To boost labor productivity, it is necessary to give workers the best tools.

At the Skills area of the Labor Markets Division we work with Latin American and Caribbean countries in the creation of lifelong learning systems. With them, we want to form a better prepared workforce (with workers who are able to update and modernize their skills with ease) and thus boost the productivity of the region.

Our proposals seek to promote successful career paths for all workers. To do this, we advise on the design of lifelong learning systems that are relevant (offering those competencies demanded by the market) and quality- based, that are linked to the development strategy of each country and that involve the productive sector.

  • We support job training institutions of different countries (such as SENCE, in Chile) to reach more workers, with greater efficiency and effectiveness.
  • We develop diagnostic tools, such as surveys, that allow us to generate rigorous research and understand the problems of the labor force in the region. We identify skill gaps, and collaborate in the creation of training modules that put people closer to companies.
  • Download our series of monographs on lifelong learning.

Concern over pensions is gaining ground in Latin America and the Caribbean. In the face of a workforce where only a minority contribute to social security (more than half of the jobs in the region are informal) and a population that will grow older in the coming decades, pensions represent an emerging social problem upon which countries must act.

Pensions represent an emerging social problem upon which countries must act.

From our Pensions area we support the efforts of countries of the region to improve their pension systems. To do this, we put our knowledge and experience at the service of the reforms that are necessary to build stronger pension systems, with wide coverage (offering support to the vast majority of the population), sufficiency (ensuring the amount of the pensions allows a dignified old-age life) and sustainability (allowing for financing both now and in the future).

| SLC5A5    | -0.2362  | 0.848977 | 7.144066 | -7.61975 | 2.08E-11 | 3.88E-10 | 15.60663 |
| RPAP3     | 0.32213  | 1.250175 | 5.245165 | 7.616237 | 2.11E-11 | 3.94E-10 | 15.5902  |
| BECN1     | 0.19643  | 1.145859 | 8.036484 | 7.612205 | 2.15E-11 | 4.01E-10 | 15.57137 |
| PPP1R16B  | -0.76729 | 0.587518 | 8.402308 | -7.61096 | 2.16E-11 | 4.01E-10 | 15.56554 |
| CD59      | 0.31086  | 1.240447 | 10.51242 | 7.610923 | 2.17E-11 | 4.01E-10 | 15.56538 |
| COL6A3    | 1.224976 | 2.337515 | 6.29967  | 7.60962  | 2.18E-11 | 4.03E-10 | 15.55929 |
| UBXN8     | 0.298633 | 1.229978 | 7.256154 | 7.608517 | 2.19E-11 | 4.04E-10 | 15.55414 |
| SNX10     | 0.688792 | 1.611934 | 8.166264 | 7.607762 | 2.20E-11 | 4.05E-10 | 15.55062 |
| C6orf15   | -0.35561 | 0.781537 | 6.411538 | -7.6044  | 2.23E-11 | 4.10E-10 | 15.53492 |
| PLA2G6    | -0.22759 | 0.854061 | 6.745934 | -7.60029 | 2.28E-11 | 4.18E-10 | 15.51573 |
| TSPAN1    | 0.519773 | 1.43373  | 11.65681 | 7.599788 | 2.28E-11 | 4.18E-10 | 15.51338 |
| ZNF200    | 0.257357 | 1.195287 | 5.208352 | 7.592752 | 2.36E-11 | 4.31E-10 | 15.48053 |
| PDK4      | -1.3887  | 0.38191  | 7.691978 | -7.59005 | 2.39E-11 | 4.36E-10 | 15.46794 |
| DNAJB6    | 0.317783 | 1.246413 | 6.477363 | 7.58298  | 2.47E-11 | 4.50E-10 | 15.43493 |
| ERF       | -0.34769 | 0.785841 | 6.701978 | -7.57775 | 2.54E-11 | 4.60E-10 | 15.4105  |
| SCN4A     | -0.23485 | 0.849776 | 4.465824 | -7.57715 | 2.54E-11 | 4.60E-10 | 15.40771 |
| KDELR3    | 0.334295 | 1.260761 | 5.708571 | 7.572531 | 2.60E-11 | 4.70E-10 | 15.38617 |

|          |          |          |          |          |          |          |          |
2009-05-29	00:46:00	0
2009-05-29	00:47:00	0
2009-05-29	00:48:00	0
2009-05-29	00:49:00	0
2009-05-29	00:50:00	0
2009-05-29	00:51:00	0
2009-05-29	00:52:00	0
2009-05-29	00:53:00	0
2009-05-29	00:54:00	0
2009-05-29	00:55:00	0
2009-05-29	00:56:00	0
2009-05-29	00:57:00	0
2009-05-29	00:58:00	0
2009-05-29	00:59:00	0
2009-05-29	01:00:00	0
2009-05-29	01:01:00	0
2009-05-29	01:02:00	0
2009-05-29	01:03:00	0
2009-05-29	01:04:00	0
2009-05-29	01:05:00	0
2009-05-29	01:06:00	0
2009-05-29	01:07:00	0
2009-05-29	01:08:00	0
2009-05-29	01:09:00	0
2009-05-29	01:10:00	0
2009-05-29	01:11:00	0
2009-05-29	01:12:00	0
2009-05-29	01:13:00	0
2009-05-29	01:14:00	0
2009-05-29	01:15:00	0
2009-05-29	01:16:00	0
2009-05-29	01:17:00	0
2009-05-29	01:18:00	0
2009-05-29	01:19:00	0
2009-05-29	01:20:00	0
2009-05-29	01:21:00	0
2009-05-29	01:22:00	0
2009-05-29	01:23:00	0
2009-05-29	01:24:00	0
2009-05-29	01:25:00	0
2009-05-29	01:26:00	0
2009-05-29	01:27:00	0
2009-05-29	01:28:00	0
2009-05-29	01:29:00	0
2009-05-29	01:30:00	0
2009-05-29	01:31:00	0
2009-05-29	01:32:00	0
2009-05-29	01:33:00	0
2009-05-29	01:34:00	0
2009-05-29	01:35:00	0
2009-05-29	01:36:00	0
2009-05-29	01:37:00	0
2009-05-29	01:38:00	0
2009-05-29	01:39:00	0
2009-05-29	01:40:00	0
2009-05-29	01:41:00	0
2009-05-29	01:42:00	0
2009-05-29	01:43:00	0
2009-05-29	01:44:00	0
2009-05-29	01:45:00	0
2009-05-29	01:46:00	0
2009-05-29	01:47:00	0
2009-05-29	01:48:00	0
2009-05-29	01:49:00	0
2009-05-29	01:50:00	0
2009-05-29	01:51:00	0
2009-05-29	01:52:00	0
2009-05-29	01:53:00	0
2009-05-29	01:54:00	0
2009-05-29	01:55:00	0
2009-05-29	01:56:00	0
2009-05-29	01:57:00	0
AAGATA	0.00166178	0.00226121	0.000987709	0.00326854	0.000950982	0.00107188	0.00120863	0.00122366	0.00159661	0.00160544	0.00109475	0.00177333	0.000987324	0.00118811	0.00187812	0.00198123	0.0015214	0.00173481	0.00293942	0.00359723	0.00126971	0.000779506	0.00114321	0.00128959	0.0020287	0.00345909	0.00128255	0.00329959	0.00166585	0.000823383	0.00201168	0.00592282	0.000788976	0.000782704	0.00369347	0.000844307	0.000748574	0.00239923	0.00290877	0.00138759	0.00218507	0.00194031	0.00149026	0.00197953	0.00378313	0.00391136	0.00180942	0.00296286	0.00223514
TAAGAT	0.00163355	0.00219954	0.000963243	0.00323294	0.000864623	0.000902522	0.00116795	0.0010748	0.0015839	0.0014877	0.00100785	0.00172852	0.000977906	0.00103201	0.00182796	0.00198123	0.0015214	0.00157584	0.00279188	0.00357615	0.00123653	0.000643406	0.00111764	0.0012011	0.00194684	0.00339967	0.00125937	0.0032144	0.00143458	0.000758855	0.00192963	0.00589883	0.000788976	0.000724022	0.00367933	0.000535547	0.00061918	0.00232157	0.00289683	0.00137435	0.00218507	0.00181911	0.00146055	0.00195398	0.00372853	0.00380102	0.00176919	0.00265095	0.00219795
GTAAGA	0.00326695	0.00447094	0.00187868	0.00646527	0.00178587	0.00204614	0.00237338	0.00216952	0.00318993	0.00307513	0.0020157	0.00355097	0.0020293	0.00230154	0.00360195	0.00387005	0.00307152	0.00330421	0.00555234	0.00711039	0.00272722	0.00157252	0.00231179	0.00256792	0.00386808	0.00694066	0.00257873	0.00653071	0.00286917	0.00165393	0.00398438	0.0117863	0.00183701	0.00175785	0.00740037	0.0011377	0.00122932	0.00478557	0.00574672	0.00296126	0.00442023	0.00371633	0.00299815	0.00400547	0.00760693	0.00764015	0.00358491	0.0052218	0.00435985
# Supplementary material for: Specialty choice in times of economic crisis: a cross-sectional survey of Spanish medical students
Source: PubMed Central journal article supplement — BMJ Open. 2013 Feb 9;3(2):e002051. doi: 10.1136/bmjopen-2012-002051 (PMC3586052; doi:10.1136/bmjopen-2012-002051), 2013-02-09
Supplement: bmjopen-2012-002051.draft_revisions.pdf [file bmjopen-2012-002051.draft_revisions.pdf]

We put forward our proposals for improvement with a long-term vision. In addition to advising countries on redesigning pension systems, we finance projects that promote greater worker formalization and institutional improvements.

  • With the PLAC Network we connect pension institutions from 15 countries in the region, offering them a space for dialogue and learning in the face of present and future challenges.
  • The  Retirement Savings Lab allows us to look for innovative formulas to encourage the population to save for their old age.
  • Through our data platforms (such as SIMS or the Social Security Observatory), we provide the public with dozens of indicators that offer an inside look at the region’s pension systems.
  • Download our flagship publication: “Better Pensions, Better Jobs.”